I believe that there is something about being in those weighty positions that forces almost all public servants to appreciate the magnitude of their obligations and act accordingly. In other words, imagine that one of those public officials saying the 2020 election was stolen had been magically turned into the vice president, acting attorney general, or Georgia’s secretary of state. Would have he or she then behaved as responsibly in that moment as Pence, Rosen, or Raffensperger? If so, we should take heart—that the gravity of decision-making authority inside of essential public institutions causes individuals to sober up. But it should also bring us pause—that absent that gravity, some individuals will feel liberated to behave less responsibly.

And perhaps this is a general lesson about institutions that we all need to learn: A renewed sense of seriousness about purpose, principles, and duty can result from being seriously tested. If we want an institution to live up to its calling, it and the individuals who populate it must recognize the costs to society of their failing to do so. This should inform our thinking about reforming a range of other essential American institutions that have lost their way and, as a result, lost the public’s confidence. 

For example, news outlets that I and others once trusted are now much more interested in advancing political narratives. We simply cannot rely on them anymore; indeed, a recent poll found that 58% of Americans believe “most news organizations are more concerned with supporting an ideology or political position than with informing the public.” Only two in five Americans have a great deal or fair amount of trust in mass media to report the news fully, accurately, and fairly. But America needs journalism to be rigorous and unbiased. America also needs Congress to engage with the nation’s most pressing problems and for higher education to embrace free inquiry and intellectual diversity.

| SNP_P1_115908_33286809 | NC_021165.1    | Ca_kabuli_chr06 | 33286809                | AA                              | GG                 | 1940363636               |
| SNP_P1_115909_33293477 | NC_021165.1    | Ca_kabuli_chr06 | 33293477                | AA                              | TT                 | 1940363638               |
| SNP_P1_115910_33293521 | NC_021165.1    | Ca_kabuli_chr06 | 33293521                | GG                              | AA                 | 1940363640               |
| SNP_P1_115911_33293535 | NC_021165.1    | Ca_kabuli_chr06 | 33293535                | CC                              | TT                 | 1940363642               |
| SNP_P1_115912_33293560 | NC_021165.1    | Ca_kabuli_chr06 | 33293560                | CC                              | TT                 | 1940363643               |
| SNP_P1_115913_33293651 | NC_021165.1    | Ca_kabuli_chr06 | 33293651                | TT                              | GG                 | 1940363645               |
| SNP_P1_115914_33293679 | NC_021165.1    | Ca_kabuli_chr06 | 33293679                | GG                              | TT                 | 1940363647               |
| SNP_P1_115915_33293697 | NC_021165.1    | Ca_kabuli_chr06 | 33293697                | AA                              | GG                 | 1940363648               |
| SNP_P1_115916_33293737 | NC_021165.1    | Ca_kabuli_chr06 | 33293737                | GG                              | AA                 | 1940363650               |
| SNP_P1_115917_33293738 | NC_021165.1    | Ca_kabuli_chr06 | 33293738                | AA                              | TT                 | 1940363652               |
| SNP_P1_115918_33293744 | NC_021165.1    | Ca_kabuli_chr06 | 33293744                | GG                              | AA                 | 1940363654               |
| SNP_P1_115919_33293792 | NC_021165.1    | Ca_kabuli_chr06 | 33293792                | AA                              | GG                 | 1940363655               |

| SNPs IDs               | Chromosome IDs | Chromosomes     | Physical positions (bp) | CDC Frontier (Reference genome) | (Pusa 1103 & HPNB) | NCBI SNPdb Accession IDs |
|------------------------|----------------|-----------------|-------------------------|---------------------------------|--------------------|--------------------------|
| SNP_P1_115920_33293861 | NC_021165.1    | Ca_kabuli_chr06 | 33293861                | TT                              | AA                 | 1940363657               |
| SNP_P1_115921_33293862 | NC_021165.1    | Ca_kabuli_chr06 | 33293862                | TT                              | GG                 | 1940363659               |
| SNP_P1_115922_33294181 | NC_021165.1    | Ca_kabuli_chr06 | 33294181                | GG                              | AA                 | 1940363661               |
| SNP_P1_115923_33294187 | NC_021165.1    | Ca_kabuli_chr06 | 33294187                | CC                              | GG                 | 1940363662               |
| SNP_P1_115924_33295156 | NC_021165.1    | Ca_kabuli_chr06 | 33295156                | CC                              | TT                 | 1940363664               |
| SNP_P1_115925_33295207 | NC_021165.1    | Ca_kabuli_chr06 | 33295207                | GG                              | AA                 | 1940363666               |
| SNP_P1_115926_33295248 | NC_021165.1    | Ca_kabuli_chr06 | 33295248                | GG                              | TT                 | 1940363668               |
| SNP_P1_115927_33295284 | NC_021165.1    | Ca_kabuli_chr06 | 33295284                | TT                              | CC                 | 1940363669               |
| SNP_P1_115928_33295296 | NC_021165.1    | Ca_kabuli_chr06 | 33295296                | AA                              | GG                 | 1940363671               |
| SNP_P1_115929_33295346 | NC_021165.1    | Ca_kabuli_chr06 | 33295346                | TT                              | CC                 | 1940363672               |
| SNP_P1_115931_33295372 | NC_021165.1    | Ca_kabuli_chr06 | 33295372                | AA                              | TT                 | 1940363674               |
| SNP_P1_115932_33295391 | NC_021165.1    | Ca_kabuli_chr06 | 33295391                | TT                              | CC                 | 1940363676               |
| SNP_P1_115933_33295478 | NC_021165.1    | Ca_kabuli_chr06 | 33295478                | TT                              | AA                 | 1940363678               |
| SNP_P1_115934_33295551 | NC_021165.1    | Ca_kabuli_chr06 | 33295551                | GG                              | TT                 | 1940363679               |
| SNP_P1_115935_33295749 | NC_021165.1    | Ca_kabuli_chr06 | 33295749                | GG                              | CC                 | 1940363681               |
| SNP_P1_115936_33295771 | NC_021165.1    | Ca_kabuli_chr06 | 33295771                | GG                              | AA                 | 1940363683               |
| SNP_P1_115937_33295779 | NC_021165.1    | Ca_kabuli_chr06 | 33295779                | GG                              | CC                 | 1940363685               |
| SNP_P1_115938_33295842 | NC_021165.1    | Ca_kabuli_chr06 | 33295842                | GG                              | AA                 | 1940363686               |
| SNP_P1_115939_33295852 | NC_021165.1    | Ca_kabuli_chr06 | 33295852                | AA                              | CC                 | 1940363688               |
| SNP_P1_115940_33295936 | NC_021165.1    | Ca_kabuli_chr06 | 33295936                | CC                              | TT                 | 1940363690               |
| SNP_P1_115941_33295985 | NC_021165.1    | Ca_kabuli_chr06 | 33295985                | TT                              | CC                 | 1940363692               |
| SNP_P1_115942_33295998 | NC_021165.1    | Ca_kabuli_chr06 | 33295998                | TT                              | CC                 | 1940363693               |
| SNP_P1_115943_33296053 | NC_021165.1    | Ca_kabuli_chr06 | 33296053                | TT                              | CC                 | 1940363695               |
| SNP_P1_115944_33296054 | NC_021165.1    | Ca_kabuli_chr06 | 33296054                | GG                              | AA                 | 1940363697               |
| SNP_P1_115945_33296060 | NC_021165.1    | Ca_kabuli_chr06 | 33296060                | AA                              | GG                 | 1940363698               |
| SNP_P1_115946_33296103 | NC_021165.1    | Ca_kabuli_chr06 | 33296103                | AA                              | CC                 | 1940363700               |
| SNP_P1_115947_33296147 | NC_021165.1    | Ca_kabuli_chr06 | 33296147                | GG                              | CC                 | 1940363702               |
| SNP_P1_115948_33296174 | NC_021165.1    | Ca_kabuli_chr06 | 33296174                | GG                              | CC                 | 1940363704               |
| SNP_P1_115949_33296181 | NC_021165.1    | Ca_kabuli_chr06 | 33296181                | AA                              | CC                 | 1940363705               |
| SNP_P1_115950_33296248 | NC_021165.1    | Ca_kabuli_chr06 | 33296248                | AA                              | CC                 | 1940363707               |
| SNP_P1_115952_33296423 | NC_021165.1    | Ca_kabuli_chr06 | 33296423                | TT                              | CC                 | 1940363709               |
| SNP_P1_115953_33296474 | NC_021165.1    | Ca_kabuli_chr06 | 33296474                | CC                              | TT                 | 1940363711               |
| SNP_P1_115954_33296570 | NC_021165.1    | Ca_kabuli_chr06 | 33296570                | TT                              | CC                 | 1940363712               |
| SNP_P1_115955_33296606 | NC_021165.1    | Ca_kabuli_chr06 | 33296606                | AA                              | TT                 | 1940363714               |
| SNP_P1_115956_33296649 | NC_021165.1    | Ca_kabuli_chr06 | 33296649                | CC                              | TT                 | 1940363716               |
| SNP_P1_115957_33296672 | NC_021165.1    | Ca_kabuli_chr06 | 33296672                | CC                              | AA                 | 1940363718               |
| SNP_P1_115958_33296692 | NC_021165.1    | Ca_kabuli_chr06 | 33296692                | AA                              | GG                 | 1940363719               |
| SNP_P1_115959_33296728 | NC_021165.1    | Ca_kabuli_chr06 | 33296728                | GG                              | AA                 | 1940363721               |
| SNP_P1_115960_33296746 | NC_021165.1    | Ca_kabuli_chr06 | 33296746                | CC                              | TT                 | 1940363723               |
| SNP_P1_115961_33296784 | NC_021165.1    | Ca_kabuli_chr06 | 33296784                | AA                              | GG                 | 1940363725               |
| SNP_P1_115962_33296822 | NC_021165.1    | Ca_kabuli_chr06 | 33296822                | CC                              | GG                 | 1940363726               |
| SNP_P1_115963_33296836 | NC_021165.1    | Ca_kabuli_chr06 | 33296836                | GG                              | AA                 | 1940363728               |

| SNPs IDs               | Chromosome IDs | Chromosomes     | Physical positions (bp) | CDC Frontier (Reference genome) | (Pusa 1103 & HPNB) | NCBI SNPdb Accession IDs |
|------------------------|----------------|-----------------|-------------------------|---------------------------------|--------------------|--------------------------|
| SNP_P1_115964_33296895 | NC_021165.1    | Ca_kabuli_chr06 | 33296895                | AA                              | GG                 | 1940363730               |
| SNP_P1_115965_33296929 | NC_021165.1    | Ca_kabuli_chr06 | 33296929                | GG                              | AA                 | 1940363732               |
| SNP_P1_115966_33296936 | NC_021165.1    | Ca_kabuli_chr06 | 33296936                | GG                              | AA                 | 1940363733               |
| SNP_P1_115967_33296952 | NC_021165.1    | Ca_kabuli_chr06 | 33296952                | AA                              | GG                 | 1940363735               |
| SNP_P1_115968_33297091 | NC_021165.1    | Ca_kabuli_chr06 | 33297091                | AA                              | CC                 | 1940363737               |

Though much of Donald Trump’s behavior was intolerable, it may have been bracing to the institutions he tested. Hopefully they are reinvigorated, recommitted to their missions, and cognizant of their essential roles in society. Obviously, we shouldn’t wish a Trump-like shock on other institutions. Ideally, they and their leaders will, of their own volition, look around and be sufficiently disquieted by current conditions, recognizing what happens when citizens can’t trust the news, when major policy problems go unaddressed, and when young adults aren’t taught how to live alongside those with dramatically different political views. Hopefully that will be enough of a test for these institutions to rise to the occasion.

Andy Smarick is a senior fellow at the Manhattan Institute.